How many churches in Australia have held even an eco conference?

Evangelical churches are slowly waking up to their responsibility to respond theologically and in Christian mission to issues of climate change and the environment. To that effect, the Lausanne Movement and the World Evangelical Alliance have a Creation Care Network and have just produced a new newsletter, The Pollinator. I encourage you to subscribe to it.

About 30 years ago, the Orthodox Ecumenical Patriarch Dimitrios (a key leader of Eastern Orthodox churches) proclaimed 1 September as a ‘Day of Prayer for Creation’. This has since expanded into the Season of Creation that goes from 1 September to 4 October, the day on which many celebrate the feast of St Francis of Assisi.

Christians are now being urged to live out their faith in caring for creation.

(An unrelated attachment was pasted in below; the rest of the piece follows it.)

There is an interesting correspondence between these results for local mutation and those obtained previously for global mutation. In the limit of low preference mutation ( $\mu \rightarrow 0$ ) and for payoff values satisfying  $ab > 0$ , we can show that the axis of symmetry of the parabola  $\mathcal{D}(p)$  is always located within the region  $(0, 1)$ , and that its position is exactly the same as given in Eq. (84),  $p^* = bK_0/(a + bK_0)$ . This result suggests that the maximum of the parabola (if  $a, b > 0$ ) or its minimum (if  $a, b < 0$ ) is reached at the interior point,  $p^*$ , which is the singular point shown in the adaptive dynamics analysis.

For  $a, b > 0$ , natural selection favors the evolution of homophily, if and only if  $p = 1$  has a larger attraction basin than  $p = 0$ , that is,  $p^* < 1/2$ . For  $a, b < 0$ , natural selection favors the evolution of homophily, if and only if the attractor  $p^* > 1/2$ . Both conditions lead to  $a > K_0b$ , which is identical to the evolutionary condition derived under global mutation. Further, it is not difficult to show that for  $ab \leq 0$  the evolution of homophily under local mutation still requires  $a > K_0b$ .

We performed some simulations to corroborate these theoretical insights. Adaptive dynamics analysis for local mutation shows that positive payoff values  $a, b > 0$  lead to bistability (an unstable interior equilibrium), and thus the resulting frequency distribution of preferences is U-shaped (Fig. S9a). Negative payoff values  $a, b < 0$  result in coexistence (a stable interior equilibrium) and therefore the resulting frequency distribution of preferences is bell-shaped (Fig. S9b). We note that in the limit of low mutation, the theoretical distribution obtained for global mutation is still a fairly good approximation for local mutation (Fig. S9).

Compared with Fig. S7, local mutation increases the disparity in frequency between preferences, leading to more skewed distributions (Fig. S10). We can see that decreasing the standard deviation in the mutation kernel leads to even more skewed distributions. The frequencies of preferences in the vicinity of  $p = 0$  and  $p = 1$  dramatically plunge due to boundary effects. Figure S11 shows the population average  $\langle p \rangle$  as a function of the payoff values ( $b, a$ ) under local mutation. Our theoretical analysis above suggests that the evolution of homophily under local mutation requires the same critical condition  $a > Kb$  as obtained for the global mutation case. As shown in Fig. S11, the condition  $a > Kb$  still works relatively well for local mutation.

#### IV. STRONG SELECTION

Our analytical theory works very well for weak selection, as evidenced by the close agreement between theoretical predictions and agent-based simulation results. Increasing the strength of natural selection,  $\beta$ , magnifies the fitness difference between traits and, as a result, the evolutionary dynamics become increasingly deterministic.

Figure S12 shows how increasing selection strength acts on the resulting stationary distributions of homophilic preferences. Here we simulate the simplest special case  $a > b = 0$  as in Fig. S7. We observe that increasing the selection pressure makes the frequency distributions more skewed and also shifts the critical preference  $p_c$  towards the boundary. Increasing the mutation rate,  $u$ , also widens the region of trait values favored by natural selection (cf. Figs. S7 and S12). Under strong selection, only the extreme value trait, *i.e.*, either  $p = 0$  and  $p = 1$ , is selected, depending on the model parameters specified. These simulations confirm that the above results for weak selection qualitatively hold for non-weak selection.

The Church of South India held its 5th international Eco Conference from 1 to 4 August.

How many churches in Australia have held even one?

In Ethiopia, despite its vastly reduced forest cover in recent years, more than 1,000 ‘Sacred forests’ surround Ethiopian Orthodox Tewahido churches. The care and preservation of these forests since the 4th century are an integral part, not only of their worship of God, but also of the life of the church and community.[3]

In September, I plan to return to Ghana, conscious of the carbon footprints my flight there will be contributing to global warming. I go to co-teach a course that will look at climate change and the environment from three perspectives: historical, theological and missiological. We focus on the models that emerge from past experiences of climatic change and ecological crisis as well as the lessons learned, for practical responses in Christian life and mission today.